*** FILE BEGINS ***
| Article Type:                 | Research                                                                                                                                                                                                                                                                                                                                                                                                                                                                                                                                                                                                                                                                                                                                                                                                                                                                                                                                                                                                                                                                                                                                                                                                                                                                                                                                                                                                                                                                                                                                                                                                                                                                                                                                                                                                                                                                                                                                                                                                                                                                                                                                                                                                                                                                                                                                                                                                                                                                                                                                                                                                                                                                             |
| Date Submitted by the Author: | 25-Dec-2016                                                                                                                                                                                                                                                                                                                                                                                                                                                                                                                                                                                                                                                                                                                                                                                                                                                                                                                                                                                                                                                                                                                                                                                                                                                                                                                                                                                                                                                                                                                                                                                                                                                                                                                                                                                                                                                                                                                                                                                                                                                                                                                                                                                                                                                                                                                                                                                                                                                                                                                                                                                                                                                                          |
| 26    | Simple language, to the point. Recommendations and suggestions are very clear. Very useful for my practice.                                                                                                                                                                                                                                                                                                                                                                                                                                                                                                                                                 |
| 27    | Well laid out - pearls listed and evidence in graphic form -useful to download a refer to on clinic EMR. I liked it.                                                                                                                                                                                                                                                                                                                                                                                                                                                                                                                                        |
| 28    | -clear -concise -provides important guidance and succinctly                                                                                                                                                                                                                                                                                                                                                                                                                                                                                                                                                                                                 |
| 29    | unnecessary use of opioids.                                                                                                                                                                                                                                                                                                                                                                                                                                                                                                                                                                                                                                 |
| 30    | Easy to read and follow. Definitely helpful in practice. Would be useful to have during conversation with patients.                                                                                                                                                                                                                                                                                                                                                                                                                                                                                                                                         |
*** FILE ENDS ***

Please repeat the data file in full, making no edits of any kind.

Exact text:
| Article Type:                 | Research                                                                                                                                                                                                                                                                                                                                                                                                                                                                                                                                                                                                                                                                                                                                                                                                                                                                                                                                                                                                                                                                                                                                                                                                                                                                                                                                                                                                                                                                                                                                                                                                                                                                                                                                                                                                                                                                                                                                                                                                                                                                                                                                                                                                                                                                                                                                                                                                                                                                                                                                                                                                                                                                             |
| Date Submitted by the Author: | 25-Dec-2016                                                                                                                                                                                                                                                                                                                                                                                                                                                                                                                                                                                                                                                                                                                                                                                                                                                                                                                                                                                                                                                                                                                                                                                                                                                                                                                                                                                                                                                                                                                                                                                                                                                                                                                                                                                                                                                                                                                                                                                                                                                                                                                                                                                                                                                                                                                                                                                                                                                                                                                                                                                                                                                                          |
| 26    | Simple language, to the point. Recommendations and suggestions are very clear. Very useful for my practice.                                                                                                                                                                                                                                                                                                                                                                                                                                                                                                                                                 |
| 27    | Well laid out - pearls listed and evidence in graphic form -useful to download a refer to on clinic EMR. I liked it.                                                                                                                                                                                                                                                                                                                                                                                                                                                                                                                                        |
| 28    | -clear -concise -provides important guidance and succinctly                                                                                                                                                                                                                                                                                                                                                                                                                                                                                                                                                                                                 |
| 29    | unnecessary use of opioids.                                                                                                                                                                                                                                                                                                                                                                                                                                                                                                                                                                                                                                 |
| 30    | Easy to read and follow. Definitely helpful in practice. Would be useful to have during conversation with patients.                                                                                                                                                                                                                                                                                                                                                                                                                                                                                                                                         |